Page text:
is a monthly publication of the Pennsylvania House State Government Committee. The committee is chaired by Representative Daryl Metcalfe.
During the 2009-2010 Legislative Session, the General Assembly passed House Bill 2497 (Act 120 of 2010), which made several reforms to the Commonwealth’s public pension systems. These reforms are expected to provide some fiscal relief to the public pension systems and taxpayers over the next several decades. However, the Commonwealth’s public pension systems contin¬ue to experience an unfunded liability of over 42 billion dollars. The reforms of Act 120 are not enough to restore solvency to the public pension systems. The General Assembly needs to act now to further protect taxpayers from this ballooning and potentially devastating debt.
Public Employee Pension Forfeiture Act of 1978 lists crimes that can cause a public official or public employ¬ee to lose his or her retirement benefit. Under this law, the crime must be related to the official’s public office or the employee’s public employment. However, this re¬quirement provides a loophole because a public official or public employee could continue to receive a taxpay¬er-funded retirement benefit after committing a violent crime, such as murder or rape.
Pennsylvania’s Procurement Code is the statute that outlines the process whereby state agencies purchase goods and services. Recently, the House State Government Committee passed legislation that will provide greater
transparency and accountability to the procurement process.
When a customer is deciding whether to purchase a product or a service, the two major factors influencing this decision are quality and value. If a product or service is priced too high or does not meet customer expectations, the customer has the freedom to choose a different provider that is able to meet the customer’s needs at an acceptable price. This is common sense.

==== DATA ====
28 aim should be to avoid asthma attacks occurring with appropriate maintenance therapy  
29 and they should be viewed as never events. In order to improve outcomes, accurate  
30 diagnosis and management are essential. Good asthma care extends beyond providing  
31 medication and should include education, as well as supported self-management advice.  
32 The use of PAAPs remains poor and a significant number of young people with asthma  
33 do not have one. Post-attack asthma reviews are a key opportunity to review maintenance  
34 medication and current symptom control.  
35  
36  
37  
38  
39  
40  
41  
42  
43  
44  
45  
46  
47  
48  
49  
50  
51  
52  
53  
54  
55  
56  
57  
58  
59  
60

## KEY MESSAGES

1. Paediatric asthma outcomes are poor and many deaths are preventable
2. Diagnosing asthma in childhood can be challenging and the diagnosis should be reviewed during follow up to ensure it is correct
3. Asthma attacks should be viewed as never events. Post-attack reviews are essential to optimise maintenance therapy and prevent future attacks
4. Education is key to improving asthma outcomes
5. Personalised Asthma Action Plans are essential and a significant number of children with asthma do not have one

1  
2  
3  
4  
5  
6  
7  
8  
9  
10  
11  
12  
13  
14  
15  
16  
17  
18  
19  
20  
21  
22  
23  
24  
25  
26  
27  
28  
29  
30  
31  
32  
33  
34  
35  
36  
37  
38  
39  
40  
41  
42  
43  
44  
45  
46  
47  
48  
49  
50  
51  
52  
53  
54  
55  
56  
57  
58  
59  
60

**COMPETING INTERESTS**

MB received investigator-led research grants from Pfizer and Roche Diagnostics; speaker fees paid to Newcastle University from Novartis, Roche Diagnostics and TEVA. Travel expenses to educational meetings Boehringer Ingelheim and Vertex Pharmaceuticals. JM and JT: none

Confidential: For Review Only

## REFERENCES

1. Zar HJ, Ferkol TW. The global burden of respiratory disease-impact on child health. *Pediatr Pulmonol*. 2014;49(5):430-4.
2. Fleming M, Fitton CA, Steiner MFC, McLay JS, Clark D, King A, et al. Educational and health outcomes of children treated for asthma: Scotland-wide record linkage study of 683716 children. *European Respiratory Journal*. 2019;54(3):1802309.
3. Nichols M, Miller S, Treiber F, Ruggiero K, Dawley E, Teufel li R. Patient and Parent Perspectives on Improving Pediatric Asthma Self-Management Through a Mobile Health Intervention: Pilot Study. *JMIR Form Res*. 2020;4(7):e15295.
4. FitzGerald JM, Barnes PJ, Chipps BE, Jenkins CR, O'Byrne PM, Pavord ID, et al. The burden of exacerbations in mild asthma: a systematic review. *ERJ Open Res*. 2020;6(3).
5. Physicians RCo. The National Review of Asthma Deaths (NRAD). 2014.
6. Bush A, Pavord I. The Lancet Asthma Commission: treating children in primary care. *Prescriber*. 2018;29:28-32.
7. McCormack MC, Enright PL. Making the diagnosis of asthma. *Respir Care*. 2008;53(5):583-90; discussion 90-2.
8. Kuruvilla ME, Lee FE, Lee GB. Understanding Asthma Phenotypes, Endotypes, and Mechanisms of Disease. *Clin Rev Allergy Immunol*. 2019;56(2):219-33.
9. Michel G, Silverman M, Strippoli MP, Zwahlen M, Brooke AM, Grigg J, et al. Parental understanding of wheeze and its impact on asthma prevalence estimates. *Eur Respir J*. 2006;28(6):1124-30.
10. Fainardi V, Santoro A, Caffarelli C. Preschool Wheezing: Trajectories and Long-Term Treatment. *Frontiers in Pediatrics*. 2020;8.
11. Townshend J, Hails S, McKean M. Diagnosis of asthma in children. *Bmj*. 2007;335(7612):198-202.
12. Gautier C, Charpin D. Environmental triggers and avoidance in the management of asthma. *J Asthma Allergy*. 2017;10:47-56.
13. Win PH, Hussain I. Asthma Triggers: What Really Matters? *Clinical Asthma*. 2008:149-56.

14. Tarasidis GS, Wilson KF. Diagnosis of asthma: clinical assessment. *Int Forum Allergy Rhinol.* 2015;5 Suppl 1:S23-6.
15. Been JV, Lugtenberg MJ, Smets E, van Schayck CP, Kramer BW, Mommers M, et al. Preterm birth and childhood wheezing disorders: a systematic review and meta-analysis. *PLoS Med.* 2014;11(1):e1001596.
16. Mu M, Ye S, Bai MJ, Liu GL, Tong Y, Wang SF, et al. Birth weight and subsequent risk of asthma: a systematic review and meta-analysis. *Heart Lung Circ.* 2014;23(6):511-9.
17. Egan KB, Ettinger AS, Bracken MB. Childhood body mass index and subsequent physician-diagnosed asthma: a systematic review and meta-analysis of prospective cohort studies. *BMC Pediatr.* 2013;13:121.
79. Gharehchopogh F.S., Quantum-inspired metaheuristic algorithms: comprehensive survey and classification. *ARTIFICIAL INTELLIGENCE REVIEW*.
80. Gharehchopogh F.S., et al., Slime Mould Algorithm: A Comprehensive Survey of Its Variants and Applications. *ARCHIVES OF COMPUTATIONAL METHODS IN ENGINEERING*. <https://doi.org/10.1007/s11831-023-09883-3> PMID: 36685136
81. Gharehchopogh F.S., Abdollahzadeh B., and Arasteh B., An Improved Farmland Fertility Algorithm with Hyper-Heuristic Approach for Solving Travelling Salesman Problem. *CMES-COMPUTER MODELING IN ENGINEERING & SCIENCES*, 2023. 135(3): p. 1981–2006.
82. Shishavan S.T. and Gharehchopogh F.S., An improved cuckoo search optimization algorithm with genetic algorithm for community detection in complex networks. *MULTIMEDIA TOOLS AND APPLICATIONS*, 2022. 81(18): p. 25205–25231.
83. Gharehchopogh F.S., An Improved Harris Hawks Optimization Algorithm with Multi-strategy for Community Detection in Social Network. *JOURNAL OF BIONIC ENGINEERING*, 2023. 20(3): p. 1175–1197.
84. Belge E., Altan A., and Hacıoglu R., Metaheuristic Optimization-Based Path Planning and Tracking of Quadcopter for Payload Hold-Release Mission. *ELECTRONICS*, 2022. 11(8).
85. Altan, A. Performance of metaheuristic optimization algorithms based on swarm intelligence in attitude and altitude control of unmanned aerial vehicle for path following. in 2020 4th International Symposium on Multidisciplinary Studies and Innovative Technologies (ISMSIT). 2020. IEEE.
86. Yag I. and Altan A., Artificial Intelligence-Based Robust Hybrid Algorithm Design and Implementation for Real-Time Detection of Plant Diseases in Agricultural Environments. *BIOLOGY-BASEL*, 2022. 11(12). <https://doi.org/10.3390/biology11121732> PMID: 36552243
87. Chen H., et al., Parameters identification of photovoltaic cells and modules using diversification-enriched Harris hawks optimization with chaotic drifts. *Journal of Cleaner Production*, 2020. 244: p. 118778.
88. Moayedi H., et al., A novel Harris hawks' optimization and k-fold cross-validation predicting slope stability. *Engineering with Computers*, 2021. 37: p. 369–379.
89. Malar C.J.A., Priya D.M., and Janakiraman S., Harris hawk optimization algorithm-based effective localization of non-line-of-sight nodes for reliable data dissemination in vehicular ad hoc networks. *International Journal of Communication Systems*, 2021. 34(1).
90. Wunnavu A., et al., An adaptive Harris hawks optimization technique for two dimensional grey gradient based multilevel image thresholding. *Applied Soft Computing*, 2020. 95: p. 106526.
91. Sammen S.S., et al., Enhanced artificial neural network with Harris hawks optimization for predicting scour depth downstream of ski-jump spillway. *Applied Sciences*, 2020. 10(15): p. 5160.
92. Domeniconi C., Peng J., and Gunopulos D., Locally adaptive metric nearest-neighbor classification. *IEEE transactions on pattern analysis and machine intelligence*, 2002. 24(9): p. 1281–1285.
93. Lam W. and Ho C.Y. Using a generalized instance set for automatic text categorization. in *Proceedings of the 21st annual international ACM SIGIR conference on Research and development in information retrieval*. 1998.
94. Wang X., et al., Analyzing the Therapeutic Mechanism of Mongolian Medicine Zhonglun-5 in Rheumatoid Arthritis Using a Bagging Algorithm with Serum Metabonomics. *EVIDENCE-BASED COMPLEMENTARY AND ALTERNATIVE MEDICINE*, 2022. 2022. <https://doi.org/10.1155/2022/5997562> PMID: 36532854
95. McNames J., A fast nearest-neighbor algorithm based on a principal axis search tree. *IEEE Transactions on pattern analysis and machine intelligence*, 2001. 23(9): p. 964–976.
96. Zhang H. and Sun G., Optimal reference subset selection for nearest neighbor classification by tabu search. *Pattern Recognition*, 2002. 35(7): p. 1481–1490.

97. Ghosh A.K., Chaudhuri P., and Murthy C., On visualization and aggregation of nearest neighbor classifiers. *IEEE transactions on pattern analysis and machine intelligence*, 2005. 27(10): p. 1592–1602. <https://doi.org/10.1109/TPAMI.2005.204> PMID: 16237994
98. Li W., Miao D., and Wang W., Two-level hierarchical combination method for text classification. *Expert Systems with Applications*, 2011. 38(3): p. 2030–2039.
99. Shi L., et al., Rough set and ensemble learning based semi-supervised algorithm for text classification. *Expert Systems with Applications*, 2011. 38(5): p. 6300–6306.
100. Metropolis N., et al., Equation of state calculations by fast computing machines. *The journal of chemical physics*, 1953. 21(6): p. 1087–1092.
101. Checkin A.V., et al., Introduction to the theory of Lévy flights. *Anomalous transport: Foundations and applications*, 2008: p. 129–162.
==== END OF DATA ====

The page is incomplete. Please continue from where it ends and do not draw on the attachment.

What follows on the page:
Representative Daryl Metcalfe has been selected to continue as the Majority Chair¬man for the House State Government Committee. This will be his second consecutive term as Majority Chair, and the Chairman has indicated that he will waste no time confronting the major issues facing Pennsylvania taxpayers in the 2013-2014 legisla¬tive session.
On October 17, 2012, the House of Representatives held its last voting session day of the 2011-12 legislative session. To date, legislators in the General Assembly introduced approximately 4,348 bills. The House State Government Committee received 394 of those bills. The committee reported out 43 bills and three resolutions through 30 voting meetings. Additionally, the committee held 11 informational meetings and 18 public hearings.
The Public Employee Pension Forfeiture Act of 1978 was passed by the General Assembly to ensure that public officials and public employees do not continue to collect their taxpayer-funded retirement benefit if the official or employee abuses their public office by committing a crime related to their public office or employment. Currently, crimes such as criminal homicide, aggravated assault and possessing child pornography are not included in the grounds for forfeiture of retirement benefits.